October is Black History Month, and among Lewisham Libraries' programme of events was a walking tour of Deptford with historian and novelist S I Martin. He took us through the area's Black history from the the sixteenth century to the present; among the figures he introduced were two extraordinary men who - involuntarily - left Deptford for Australia where they became notable among its early convict settlers.
John Caesar escaped slavery in the Caribbean, only to be convicted of stealing £12 in Deptford and transported to New South Wales in 1789. There, although known as a hard worker, he continued to commit thefts motivated by hunger. He escaped to the bush with a musket and cooking-pot, but couldn't find enough game to feed himself. Instead, he resorted to stealing food - and was caught in a matter of weeks. Sent to Garden Island to work in fetters, he was soon allowed to work unchained thanks to his good behaviour - and escaped once more, returning to the mainland in a stolen canoe. This pattern of theft, capture and escape was repeated several times, until in 1795 he formed a gang of runaways. A reward was now offered for his capture, and an attempt at capturing him ended in his being shot and killed in 1796.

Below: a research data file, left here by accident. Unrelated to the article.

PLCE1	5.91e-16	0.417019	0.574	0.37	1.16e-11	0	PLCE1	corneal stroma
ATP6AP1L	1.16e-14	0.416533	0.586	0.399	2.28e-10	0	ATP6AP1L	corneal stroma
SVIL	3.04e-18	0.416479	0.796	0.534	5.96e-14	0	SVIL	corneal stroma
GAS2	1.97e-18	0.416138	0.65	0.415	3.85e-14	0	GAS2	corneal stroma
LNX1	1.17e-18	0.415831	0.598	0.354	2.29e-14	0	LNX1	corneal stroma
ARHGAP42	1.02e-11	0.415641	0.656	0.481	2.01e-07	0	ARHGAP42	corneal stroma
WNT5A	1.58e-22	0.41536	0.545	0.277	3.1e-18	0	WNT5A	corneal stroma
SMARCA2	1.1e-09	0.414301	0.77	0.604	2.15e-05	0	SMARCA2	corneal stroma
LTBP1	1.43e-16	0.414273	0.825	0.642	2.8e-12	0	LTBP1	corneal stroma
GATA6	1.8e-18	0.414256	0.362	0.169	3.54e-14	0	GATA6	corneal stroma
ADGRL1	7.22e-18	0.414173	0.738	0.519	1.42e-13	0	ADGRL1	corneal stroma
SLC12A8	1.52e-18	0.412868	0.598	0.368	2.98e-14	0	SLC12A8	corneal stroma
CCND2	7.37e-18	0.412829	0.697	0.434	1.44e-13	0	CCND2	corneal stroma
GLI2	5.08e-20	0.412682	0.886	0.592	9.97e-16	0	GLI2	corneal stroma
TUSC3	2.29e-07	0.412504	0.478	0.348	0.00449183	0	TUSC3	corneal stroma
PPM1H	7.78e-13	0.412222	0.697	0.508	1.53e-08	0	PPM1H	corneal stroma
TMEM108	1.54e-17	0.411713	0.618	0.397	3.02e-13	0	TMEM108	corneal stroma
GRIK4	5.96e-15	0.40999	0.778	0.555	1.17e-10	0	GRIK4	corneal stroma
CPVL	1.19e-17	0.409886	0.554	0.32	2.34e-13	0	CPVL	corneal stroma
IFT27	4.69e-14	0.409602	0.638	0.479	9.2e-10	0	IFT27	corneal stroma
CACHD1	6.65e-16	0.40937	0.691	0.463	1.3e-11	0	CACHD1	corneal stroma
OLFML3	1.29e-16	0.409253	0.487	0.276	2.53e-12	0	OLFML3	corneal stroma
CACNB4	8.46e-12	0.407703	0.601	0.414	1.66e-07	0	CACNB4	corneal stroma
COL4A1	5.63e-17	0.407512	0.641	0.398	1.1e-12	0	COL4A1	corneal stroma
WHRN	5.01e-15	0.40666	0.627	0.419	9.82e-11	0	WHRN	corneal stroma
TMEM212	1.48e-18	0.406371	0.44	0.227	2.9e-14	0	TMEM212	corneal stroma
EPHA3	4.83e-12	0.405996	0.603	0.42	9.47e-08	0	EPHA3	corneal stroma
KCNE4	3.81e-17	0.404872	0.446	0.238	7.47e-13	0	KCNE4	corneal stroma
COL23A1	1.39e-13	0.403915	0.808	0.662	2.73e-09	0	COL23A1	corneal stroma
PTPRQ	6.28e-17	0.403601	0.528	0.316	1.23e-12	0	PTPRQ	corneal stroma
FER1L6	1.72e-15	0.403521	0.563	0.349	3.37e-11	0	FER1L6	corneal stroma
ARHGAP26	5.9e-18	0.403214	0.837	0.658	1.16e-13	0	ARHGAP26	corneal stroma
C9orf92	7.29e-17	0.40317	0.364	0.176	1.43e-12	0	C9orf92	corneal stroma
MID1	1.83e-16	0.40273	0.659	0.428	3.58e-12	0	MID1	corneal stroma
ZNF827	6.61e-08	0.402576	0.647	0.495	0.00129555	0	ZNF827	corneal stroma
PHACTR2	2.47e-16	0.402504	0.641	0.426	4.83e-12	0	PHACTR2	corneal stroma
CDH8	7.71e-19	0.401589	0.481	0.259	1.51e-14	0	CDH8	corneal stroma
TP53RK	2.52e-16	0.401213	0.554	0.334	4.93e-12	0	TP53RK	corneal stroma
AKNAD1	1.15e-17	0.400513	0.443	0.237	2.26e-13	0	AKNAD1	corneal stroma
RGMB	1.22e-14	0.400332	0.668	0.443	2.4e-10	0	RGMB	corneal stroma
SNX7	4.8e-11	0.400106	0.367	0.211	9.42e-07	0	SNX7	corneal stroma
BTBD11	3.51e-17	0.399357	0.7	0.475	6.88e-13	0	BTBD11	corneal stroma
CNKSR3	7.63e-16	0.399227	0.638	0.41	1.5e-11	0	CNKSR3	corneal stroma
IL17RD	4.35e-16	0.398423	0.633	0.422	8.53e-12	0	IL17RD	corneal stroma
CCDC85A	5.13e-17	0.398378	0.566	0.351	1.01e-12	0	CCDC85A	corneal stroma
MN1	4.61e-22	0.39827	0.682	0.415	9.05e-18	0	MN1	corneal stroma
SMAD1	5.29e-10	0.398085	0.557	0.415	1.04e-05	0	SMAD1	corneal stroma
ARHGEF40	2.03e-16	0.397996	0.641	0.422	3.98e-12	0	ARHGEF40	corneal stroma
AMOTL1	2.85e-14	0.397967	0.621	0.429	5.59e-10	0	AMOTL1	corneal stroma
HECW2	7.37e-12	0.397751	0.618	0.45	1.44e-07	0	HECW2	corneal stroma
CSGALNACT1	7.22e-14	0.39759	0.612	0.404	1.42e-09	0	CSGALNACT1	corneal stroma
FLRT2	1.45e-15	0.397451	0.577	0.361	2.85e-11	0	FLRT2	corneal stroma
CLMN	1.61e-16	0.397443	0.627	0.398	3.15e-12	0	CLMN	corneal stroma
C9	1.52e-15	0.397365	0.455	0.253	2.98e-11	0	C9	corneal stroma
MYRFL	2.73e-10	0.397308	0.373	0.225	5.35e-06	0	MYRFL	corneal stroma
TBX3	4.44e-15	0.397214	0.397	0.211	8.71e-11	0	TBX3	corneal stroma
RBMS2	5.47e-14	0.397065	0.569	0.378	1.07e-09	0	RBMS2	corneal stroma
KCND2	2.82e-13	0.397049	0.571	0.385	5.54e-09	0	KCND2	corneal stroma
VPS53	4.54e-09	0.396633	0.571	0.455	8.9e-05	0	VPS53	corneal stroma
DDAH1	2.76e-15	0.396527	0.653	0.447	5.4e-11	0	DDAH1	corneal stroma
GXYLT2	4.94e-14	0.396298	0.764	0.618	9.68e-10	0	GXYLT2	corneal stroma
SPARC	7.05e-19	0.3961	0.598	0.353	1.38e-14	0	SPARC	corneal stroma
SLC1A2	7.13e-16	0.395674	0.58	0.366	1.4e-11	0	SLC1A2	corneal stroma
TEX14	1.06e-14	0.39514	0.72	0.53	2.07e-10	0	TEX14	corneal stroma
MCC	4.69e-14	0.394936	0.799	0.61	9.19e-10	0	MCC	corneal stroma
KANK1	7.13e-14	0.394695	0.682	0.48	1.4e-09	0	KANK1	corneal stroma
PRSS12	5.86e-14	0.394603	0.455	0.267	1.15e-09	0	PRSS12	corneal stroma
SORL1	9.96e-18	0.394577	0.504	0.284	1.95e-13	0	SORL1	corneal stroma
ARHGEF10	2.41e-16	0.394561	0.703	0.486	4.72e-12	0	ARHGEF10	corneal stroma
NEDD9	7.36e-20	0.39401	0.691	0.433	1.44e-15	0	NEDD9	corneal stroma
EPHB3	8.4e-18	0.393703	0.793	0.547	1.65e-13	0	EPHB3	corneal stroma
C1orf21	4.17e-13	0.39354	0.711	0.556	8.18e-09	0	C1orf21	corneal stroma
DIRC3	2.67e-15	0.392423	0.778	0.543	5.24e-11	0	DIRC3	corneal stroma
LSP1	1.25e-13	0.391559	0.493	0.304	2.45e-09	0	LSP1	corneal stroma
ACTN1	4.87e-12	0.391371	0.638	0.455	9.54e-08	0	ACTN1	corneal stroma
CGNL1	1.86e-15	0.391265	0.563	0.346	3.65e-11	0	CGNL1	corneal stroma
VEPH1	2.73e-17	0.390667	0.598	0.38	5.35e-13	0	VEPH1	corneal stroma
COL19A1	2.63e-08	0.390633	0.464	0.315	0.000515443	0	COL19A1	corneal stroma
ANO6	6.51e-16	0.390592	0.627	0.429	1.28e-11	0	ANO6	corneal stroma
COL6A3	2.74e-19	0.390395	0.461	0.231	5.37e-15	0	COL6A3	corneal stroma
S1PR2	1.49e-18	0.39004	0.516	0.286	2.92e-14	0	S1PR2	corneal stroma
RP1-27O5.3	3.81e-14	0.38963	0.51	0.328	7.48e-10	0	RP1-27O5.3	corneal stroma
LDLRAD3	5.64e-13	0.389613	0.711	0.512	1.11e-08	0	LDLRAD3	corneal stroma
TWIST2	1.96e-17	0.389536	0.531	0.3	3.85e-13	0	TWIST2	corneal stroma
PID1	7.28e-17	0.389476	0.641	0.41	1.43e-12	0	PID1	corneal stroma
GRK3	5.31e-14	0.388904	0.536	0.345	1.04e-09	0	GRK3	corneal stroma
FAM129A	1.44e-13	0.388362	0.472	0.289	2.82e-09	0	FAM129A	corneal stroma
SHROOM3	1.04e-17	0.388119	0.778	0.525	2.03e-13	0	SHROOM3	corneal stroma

Despite this difficult life with its unfortunate end, Caesar became famous as Australia's first bushranger. These runaway outlaws have taken on an ambivalent status in Australian history, with many viewing them as romantic rebels; while others such as Ned Kelly are better-known, Caesar was the first of them.
In contrast, Billy Blue would achieve success in Australia. He had worked in Deptford as a sugar lumper (labourer) - but his employers were unwittingly providing one of the key ingredients for his other work as a chocolatier. When he was caught and convicted, his sentence was transportation.
In Sydney, Blue became a ferryman who took passengers across Sydney Harbour. He was very popular, and became a water bailiff responsible for watching for smugglers. Unfortunately, within a year he was accused of smuggling liquor himself; his explanation that he had found it floating in the harbour and was just bringing it ashore wasn't believed. He lost him his official position as a result; there would later be other brushes with the law; but he continued to enjoy support from the authorities. He also had financial security, since in 1817 Governor Macquarie had granted him 80 acres of land in perpetuity. Today, that land in North Sydney is still known as Blues Point.
There are more Black History Month events running throughout October, including an evening with S I Martin and performance poet El Crisis on Thursday - click here for the full programme.
Image: portrait of Billy Blue by T B East, 1834, from Wikipedia.